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"Freeze-me-up, Dentist!"

Here’s an easy-to-understand way of grasping how the body can function when we undergo a painful event and how yoga can help us to heal.

I went to the dentist last week. I had a cavity and needed freezing so they could go in there and scoop it out. The dentist told me she literally scoops out the build up of gunk that is a cavity. So… have a painful cavity = needs numbing to undergo painful procedure to get it out. The numbing agent is really powerful. It worked like a charm. I could undergo that procedure without problem, even if I still felt a little scared, at least it didn’t physically hurt. God bless modern medicine.

But here’s the thing: the numbing lasted way beyond the span of time it took for the dentist to take out the cavity and fill it with a new toothy substance. As a result I couldn’t do so many other things because the numbing agent lasted so long. My speech was all funny, drinking and eating was difficult, I even bit my own lip accidentally. I couldn’t feel my wife’s kisses. So I couldn’t feel was was painful — the small cavity removal procedure — but I also couldn’t feel the good stuff: kisses, touch, taste, etc.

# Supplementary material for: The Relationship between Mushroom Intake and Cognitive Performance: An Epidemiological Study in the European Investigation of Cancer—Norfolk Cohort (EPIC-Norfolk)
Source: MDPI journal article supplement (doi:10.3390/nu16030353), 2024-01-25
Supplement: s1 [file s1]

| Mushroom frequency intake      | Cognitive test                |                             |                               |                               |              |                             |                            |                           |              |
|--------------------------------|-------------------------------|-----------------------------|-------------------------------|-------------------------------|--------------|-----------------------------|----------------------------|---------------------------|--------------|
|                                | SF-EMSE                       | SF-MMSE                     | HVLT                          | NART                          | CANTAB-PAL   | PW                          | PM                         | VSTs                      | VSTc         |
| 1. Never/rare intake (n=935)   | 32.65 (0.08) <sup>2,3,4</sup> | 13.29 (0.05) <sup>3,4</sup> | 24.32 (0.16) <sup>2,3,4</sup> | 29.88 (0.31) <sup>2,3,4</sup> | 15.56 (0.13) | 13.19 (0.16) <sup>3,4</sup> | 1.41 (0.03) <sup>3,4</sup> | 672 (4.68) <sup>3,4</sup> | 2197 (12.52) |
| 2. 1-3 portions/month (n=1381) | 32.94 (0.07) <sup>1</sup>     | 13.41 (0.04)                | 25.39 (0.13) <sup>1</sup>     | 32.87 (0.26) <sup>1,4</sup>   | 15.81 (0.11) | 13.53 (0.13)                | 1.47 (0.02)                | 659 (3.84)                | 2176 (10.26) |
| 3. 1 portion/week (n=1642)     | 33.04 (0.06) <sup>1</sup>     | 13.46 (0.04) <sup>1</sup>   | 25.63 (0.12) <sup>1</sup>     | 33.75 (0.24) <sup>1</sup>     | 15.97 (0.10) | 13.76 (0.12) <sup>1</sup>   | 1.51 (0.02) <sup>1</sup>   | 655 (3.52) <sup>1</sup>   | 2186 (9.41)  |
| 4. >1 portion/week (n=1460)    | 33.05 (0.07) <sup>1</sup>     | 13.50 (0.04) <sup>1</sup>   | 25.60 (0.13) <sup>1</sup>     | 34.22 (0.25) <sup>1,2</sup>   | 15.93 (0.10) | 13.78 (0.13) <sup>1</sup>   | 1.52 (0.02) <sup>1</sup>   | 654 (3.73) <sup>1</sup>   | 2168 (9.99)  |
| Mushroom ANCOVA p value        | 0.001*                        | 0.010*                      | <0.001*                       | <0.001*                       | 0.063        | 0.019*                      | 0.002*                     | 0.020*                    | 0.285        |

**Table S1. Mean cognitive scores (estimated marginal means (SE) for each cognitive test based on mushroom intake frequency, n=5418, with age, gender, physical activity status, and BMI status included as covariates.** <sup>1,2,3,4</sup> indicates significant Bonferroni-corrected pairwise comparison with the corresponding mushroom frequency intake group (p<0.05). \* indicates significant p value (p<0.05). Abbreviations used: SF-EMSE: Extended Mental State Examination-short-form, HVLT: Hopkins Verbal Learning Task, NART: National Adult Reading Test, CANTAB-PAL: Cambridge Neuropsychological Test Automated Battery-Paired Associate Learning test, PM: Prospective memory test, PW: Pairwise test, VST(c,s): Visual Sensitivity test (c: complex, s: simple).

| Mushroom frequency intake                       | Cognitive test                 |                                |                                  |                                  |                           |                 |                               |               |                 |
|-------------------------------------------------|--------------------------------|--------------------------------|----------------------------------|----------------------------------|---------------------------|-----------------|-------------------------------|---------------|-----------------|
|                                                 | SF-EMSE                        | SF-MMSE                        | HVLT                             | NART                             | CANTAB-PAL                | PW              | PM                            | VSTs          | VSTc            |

When we go through a hard time, our nervous system can try to protect itself through shutting down or numbing out (only one of a few responses) so that we can make it through a tough time in our lives. That’s helpful because it makes the hard stuff less hard. But the challenge with that is that we also don’t get to experience the sweetness, and the other joyful aspects of life. So when we numb, we don’t just numb to pain, we numb to all the joy and wonderful experiences in life as well.

You know what helped me to regain feeling faster so that I could get back to feeling the juicy experience of life again? Movement! I stretched my mouth, talked with Christa even though it was awkward — I just kept things moving around the mouth to stimulate blood flow which nourished the nerves who were frozen. It helped, I think. Sooner than you know it, I was back to enjoying taste, touch and kisses again!

One might say that this is how yoga practice begins at a very fundamental level. The practices of Yoga bring awareness back to our bodies, to the sensations that live inside us at all times, that sometimes we’ve lost touch with. This is a practice of unveiling, recovering, and touching upon our physical body in safe, non-judgemental and relaxed way so that we can experience other moments of life, in their full vibrancy again. So ultimately, it’s not a question of perfecting extraordinary techniques, it’s more about coming back into relationship with the life that is living inside of us and around us.

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